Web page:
In Focus: Redmond Entwistle

Redmond Entwistle on the making of Walk-Through (2012), a film about Michael Asher’s ‘Post-Studio’ class at CalArts.

Mike Sperlinger     Why did you want to make Walk-Through (2012)?

Redmond Entwistle     I was at CalArts in the late 1990s and I sat in on Asher’s ‘Post-Studio’, but I didn’t participate very much – so in some ways making the film was a chance for me to take the class. After making my last film, Monuments (2010), I’d become interested in how discourse functioned, around both the production of art and the production of artists. With Walk-Through I wanted to explore that specifically in relation to my own experiences of the Whitney Independent Study Program and of Asher’s class. I was also aware of the growing status of ‘Post-Studio’; now Asher has stopped teaching, and a number of his students are teaching and making work, the history of that class is being explored and valorized in different ways.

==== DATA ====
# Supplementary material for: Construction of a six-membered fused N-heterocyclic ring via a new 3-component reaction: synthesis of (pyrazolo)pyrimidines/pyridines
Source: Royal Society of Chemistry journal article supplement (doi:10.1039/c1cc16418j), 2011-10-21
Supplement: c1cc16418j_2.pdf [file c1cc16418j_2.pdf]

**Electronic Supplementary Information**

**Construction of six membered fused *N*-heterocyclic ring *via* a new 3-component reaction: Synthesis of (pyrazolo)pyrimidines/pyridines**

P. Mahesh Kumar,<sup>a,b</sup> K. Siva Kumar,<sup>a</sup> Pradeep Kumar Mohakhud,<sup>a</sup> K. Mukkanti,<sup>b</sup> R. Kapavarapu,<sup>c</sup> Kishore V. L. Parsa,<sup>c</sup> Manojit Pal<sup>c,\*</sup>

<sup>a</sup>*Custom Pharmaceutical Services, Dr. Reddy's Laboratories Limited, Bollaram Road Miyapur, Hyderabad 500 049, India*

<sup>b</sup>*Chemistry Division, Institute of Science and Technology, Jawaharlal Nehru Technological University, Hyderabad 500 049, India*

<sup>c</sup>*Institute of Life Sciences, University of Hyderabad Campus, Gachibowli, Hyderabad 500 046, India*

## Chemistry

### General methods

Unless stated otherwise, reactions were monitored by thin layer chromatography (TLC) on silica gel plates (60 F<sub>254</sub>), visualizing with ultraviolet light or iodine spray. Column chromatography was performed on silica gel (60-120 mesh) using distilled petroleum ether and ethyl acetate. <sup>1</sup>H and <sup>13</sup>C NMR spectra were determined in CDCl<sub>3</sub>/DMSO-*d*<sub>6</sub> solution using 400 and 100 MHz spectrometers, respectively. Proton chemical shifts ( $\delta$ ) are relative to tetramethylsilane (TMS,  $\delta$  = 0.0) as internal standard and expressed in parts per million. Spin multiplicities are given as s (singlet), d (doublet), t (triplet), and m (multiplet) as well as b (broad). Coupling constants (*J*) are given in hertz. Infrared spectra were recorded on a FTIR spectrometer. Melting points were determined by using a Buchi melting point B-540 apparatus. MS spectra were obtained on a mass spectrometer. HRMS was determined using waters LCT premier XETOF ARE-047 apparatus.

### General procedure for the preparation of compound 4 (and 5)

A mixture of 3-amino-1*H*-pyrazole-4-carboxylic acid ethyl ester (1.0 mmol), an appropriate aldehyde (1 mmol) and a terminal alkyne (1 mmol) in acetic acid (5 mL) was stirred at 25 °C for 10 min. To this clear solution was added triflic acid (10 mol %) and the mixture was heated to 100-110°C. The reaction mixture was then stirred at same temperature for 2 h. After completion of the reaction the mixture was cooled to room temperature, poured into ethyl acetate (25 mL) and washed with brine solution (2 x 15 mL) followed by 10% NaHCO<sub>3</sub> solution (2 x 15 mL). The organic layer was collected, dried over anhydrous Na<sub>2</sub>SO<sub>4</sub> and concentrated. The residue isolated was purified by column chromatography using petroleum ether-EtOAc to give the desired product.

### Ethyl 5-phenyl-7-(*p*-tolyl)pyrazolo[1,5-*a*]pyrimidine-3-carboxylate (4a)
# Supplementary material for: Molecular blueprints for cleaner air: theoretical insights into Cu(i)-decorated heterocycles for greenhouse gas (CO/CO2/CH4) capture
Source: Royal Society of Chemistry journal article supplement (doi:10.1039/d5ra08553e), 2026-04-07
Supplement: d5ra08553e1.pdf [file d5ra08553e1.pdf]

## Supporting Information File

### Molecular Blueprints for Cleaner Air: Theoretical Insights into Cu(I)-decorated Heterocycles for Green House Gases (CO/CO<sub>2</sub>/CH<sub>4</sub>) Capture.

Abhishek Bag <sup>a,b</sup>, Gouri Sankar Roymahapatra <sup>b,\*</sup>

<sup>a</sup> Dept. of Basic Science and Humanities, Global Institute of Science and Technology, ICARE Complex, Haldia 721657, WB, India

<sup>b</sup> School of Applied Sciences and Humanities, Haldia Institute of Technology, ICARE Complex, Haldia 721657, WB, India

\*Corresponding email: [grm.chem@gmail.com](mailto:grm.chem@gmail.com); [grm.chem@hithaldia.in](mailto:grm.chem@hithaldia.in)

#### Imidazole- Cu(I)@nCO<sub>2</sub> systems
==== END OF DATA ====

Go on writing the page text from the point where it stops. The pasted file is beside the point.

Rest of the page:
There is this danger though, which I didn’t fully anticipate, of people reading Walk-Through as a portrait of the ‘Post-Studio’ class, whereas I think it’s more a portrait of a fictional space, a non-linear space of memory. There’s more ambiguity in the actual history of the class itself. 


Walk-Through, 2012, film still. All images courtesy the artist

Walk-Through, 2012, film still. All images courtesy the artist

MS     When did Asher start teaching that class?